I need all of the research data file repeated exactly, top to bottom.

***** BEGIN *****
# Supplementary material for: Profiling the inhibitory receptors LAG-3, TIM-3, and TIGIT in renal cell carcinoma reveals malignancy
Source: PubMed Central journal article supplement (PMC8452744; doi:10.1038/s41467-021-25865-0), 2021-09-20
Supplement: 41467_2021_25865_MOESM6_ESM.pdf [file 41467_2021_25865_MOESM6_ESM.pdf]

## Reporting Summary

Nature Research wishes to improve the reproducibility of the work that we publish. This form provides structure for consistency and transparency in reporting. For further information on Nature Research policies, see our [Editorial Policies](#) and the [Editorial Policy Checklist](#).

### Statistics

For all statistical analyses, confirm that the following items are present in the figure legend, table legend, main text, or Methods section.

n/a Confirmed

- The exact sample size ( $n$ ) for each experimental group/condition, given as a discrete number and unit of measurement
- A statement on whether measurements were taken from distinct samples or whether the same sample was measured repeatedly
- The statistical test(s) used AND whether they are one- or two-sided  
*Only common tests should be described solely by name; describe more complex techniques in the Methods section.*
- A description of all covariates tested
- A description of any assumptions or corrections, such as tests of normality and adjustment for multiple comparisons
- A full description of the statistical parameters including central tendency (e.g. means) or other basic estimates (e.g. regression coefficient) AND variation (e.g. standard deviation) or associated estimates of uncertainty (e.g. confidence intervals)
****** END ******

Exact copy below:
# Supplementary material for: Profiling the inhibitory receptors LAG-3, TIM-3, and TIGIT in renal cell carcinoma reveals malignancy
Source: PubMed Central journal article supplement (PMC8452744; doi:10.1038/s41467-021-25865-0), 2021-09-20
Supplement: 41467_2021_25865_MOESM6_ESM.pdf [file 41467_2021_25865_MOESM6_ESM.pdf]

## Reporting Summary

Nature Research wishes to improve the reproducibility of the work that we publish. This form provides structure for consistency and transparency in reporting. For further information on Nature Research policies, see our [Editorial Policies](#) and the [Editorial Policy Checklist](#).

### Statistics

For all statistical analyses, confirm that the following items are present in the figure legend, table legend, main text, or Methods section.

n/a Confirmed

- The exact sample size ( $n$ ) for each experimental group/condition, given as a discrete number and unit of measurement
- A statement on whether measurements were taken from distinct samples or whether the same sample was measured repeatedly
- The statistical test(s) used AND whether they are one- or two-sided  
*Only common tests should be described solely by name; describe more complex techniques in the Methods section.*
- A description of all covariates tested
- A description of any assumptions or corrections, such as tests of normality and adjustment for multiple comparisons
- A full description of the statistical parameters including central tendency (e.g. means) or other basic estimates (e.g. regression coefficient) AND variation (e.g. standard deviation) or associated estimates of uncertainty (e.g. confidence intervals)